The Man Behind the Jacobsen Museum

ens Jacobsen was only 14 when Washington Island became his new home in the summer of 1881. Born on Als Island in Denmark, his parents decided to move the family to America so that their children would not be forced to serve in the Prussian Army. Jens was bilingual in Danish and German when he moved to the island and quickly began to learn English by splitting his time between school and workingdclv07i02-history-bjarnarsons at Freyburg’s Mill packing shingles. When Jens became a United States citizen, he snow-shoed his way down to Sturgeon Bay to get his papers. Curiosity about the history of his adopted homeland sent him looking for fossils as well as arrowheads from the Potawatomi Indians who were the last tribe to inhabit the island before the settlers came. He started collecting in his earlier years and began amassing a sizable collection. Jens considered an Indian map stone which detailed the mainland, Washington Island and Little Lake to be his greatest find.

While relics of the past always held great interest for him, they were more of a hobby during his younger years. In 1895, Jens married Olive Garrett and together they had four children, three sons and a daughter. Their marriage was short lived as Olive died in 1909. It was important to Jens that the family not break apart any further after losing Olive and he raised the children on his own, never to marry again. The Jacobsens lived on a farm near the center of the island. During his career as a farmer, he was also a lighthouse keeper, a local politician, and an insurance agent.

A skillful carpenter as well, Jens began building on his property on Little Lake. He constructed 14 cabins all in the Danish style of keeping the logs vertical versus horizontal. He also built all of the furniture for the cabins. In 1931, he opened the Jacobsen Museum to showcase his lifelong collection of native artifacts. The concept of opening a museum was laughable to some. Jens politely ignored those saying that no one would ever come and pressed on. His instinct was correct; people did want to come. Drawn in by the quiet beauty of Little Lake, the scenic grouping of the cabins, and Jens’ natural story telling dclv07i02-history-glass-displayabilities, sightseers began enjoying what is now the oldest museum in the county. Jens was honored by the Wisconsin Historical Society and the National Geographic Society for his historical discoveries. Before long, Jens was as well known with visitors as he was with islanders. He is also credited with beginning the cottage rental industry on the island.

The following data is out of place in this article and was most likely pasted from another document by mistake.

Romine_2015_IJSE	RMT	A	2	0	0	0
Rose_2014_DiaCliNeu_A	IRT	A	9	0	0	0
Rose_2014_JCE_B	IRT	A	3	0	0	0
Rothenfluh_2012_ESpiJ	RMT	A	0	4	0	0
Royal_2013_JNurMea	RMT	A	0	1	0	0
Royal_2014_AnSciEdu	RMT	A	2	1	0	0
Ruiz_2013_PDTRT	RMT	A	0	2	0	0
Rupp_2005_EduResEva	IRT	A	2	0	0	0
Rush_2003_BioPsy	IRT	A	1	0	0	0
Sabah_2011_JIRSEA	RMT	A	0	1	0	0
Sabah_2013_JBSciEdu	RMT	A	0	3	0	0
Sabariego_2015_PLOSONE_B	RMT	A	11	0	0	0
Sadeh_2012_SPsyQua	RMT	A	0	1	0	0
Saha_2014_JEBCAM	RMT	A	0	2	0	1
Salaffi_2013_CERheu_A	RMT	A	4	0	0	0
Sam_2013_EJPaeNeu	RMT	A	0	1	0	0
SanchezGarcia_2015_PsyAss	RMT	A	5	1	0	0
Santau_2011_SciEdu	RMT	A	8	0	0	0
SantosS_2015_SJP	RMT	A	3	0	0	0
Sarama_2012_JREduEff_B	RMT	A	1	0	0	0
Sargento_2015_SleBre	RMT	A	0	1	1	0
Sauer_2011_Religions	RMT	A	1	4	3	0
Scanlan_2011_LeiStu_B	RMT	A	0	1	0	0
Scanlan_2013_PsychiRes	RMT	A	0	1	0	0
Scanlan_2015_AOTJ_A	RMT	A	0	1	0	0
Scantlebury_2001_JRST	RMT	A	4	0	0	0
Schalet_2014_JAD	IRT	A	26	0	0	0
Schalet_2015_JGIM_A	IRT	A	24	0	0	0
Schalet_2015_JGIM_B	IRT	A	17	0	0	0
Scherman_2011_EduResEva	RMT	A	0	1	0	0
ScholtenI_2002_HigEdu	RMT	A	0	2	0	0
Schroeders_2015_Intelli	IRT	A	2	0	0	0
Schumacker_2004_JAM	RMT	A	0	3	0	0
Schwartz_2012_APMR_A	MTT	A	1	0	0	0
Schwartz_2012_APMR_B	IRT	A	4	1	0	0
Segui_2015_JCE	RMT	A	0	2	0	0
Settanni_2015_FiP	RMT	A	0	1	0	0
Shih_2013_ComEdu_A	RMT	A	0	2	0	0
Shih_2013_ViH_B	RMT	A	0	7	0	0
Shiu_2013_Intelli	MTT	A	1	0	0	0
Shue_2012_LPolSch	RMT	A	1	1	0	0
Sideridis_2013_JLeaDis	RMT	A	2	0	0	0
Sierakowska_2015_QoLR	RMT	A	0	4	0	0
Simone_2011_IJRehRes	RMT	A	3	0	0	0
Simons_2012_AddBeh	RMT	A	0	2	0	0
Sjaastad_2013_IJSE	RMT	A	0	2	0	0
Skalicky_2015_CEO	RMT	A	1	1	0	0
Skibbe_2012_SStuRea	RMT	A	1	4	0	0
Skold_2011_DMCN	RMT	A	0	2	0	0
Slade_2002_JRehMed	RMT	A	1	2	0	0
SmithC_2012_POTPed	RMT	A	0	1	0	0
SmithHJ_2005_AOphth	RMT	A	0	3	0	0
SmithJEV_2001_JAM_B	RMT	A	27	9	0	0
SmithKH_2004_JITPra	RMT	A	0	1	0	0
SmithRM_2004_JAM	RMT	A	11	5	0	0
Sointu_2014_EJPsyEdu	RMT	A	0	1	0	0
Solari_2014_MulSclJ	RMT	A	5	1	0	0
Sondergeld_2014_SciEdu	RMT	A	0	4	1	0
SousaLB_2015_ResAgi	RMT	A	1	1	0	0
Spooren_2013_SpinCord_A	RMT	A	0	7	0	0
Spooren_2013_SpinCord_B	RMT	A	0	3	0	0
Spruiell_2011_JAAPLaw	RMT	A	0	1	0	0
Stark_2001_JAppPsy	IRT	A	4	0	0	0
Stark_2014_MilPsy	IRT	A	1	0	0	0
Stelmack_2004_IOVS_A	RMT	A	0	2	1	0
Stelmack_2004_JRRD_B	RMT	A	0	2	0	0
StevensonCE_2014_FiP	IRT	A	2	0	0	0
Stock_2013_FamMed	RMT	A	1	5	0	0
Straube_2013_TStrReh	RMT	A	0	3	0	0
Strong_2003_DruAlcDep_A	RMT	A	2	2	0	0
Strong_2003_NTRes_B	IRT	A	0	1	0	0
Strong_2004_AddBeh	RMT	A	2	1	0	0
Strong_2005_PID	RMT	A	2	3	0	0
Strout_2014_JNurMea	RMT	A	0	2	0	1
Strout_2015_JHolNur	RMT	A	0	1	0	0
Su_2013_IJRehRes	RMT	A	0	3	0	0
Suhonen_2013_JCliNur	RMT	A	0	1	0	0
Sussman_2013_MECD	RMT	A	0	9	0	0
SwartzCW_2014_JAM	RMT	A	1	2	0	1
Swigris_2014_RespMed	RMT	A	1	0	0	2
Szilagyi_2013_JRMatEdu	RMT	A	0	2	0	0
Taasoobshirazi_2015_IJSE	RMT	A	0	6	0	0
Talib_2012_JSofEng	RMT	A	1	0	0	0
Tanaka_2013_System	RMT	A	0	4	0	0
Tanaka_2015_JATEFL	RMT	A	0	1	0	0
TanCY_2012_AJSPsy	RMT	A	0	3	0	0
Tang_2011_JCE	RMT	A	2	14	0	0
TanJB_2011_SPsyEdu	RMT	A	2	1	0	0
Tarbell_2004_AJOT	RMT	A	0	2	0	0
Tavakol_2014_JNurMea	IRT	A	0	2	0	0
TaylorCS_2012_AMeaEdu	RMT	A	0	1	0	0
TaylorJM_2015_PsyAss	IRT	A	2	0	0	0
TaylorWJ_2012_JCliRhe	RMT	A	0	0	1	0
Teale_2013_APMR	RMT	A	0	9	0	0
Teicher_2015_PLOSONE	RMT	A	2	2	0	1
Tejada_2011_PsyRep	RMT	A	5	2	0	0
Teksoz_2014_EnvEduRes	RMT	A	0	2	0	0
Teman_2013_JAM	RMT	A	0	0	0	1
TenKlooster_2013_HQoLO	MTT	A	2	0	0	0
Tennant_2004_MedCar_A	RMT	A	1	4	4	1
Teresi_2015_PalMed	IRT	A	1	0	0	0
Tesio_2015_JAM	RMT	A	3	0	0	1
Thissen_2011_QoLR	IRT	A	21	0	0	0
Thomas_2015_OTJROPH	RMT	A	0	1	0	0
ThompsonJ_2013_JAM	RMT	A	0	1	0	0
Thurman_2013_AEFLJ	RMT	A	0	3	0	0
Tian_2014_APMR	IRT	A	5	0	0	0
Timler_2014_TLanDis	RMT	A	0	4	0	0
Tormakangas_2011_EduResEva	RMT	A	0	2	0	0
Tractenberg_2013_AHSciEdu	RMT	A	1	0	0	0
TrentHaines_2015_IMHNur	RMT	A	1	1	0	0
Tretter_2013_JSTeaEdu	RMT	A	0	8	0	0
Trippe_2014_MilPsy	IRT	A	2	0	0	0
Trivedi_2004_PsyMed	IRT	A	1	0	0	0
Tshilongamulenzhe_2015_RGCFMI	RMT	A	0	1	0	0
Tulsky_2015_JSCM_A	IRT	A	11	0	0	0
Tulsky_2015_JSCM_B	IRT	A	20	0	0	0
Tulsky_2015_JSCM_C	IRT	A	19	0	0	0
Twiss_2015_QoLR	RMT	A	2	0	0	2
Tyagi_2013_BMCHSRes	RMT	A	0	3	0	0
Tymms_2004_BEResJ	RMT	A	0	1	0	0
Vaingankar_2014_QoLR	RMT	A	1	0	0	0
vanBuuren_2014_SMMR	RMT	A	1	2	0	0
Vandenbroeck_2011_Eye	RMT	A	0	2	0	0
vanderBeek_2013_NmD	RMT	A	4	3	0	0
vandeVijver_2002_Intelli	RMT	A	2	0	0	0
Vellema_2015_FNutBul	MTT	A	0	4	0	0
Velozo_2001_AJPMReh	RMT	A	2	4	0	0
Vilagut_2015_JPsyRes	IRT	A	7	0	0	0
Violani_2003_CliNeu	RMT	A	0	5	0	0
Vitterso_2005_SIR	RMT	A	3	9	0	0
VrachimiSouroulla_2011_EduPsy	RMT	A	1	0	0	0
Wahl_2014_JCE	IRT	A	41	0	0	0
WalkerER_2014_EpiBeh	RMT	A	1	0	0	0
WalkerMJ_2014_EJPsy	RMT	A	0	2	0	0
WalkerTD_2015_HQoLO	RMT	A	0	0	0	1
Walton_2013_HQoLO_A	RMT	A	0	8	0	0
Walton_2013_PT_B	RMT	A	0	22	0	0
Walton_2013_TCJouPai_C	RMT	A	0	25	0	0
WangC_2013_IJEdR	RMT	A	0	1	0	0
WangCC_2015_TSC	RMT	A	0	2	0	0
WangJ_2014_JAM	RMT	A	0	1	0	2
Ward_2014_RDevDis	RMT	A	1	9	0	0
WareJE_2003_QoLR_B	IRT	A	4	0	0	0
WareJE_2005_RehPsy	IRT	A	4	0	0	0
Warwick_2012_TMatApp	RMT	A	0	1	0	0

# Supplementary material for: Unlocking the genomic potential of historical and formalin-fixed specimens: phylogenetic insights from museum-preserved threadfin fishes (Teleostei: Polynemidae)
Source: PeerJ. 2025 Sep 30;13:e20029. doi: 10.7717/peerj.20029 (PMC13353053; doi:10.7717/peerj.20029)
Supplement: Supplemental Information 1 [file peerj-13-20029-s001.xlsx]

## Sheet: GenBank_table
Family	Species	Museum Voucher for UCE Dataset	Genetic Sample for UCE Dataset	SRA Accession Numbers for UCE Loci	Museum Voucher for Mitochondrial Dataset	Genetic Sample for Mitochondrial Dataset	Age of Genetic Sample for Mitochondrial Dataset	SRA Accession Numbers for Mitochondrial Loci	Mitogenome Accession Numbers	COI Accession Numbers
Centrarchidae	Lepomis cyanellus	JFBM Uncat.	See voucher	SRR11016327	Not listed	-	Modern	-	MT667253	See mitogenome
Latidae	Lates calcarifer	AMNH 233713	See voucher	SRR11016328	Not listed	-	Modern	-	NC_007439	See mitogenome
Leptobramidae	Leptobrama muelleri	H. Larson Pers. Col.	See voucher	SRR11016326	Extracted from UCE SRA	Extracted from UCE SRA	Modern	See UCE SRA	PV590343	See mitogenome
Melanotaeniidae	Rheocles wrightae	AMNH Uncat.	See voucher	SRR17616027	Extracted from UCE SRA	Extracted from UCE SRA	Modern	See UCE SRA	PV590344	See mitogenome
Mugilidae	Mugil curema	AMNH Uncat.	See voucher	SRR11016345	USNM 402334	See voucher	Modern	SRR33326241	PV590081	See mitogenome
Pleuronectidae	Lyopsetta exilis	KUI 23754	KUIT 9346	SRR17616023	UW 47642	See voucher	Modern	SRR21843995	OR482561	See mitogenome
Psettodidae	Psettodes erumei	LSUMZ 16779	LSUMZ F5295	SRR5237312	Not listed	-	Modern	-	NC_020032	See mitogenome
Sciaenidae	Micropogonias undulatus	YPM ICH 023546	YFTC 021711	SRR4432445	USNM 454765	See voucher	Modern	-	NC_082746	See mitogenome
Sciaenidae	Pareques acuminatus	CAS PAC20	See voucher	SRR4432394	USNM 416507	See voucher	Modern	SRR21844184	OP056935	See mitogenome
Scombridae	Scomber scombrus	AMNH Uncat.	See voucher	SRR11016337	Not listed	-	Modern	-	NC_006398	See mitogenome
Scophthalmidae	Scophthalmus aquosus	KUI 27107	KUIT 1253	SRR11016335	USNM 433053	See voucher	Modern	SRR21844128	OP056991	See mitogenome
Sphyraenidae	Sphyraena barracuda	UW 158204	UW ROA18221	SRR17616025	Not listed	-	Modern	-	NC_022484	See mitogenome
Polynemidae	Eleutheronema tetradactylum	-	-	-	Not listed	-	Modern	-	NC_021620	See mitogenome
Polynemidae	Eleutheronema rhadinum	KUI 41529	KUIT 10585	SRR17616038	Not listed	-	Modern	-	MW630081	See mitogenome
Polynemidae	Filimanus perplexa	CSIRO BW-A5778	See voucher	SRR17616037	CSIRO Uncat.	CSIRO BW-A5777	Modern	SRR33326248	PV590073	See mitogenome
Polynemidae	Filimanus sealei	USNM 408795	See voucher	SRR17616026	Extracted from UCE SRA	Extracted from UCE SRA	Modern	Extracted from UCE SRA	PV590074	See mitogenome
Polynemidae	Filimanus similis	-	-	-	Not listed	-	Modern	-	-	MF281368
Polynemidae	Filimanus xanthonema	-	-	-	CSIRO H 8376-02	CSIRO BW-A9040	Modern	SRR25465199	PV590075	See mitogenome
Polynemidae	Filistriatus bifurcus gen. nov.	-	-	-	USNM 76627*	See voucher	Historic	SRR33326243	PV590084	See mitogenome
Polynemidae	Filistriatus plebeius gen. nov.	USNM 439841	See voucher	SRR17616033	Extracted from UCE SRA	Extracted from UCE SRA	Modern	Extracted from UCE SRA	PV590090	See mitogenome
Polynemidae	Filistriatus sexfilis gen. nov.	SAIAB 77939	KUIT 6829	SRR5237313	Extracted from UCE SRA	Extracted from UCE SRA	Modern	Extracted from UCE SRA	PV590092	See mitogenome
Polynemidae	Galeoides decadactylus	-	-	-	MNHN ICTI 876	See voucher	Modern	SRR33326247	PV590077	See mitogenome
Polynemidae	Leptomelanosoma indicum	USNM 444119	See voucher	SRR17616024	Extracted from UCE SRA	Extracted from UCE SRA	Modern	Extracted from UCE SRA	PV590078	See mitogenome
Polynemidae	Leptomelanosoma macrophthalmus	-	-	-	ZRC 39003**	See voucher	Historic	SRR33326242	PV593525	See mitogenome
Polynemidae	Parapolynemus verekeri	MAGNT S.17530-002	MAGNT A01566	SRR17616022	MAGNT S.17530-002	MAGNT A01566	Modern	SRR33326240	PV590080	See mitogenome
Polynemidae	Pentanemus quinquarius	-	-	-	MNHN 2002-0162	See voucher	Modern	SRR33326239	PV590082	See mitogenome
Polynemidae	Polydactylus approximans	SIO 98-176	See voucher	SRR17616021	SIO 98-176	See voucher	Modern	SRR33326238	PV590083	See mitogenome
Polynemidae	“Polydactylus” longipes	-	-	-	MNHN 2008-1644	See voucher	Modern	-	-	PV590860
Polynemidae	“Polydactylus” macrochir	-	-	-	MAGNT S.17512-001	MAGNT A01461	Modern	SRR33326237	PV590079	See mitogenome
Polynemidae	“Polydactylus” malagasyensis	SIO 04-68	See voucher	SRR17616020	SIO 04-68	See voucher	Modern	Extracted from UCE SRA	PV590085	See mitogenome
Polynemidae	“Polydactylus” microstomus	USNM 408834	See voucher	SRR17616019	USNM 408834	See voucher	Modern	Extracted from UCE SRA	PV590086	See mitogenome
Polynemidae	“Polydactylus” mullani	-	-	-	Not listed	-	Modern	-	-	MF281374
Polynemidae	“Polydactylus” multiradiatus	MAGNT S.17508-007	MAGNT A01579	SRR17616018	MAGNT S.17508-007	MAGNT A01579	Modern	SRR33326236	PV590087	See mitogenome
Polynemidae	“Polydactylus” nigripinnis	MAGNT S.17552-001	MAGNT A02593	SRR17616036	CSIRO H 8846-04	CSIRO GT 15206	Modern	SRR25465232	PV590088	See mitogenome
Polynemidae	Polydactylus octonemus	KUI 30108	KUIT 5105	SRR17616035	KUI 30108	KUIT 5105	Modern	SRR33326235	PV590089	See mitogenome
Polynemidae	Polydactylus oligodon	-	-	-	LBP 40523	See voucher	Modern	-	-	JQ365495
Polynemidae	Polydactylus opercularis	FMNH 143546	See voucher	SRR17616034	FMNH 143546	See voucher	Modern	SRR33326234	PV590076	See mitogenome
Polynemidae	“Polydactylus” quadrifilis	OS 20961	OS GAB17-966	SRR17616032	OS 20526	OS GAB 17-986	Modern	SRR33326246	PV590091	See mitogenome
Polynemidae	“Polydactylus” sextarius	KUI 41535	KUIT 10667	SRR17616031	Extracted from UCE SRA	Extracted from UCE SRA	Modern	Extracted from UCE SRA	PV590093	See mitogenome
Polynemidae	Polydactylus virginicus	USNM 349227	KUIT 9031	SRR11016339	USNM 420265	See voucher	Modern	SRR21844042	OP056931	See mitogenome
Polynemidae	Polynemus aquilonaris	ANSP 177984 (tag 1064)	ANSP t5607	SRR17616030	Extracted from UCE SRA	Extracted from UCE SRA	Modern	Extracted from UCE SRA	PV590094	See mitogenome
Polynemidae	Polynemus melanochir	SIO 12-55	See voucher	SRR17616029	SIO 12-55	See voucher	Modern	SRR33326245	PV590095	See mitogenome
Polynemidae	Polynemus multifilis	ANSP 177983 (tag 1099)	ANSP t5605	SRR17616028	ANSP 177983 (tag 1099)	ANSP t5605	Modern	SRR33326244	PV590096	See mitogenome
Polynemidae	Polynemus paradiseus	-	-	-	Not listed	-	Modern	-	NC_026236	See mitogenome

Two of Jens’ grandsons, brothers Harold Sunstrom (Sister Bay) and Russell Sunstrom (Fish Creek), remember going to the cottages in the summer as little boys in the late ‘30s. They took some time on a Sunday afternoon to remember their grandfather. Little details were recalled fondly, such as Jens always carrying peppermint candies and lemon drops in his pockets for his grandkids and his never seeming to need a flashlight when walking in the woods at night. “He often referred to himself as the most photographed man of Washington Island,” Russell relates as he and Harold share a laugh. Harold remembers the working side of their grandfather, saying, “Well, I suppose he held every possible job on the island because he had to. Farming was tough.” Hardworking by all accounts, Jens also had a great imagination and a creative side. He wrote poetry, was a skilled artist, and created a lot of scrollwork carvings which are featured in the museum today. Harold seems to have inherited more than a few traits from his grandfather as he, too, farms and creates beautiful Danish scrollwork carvings.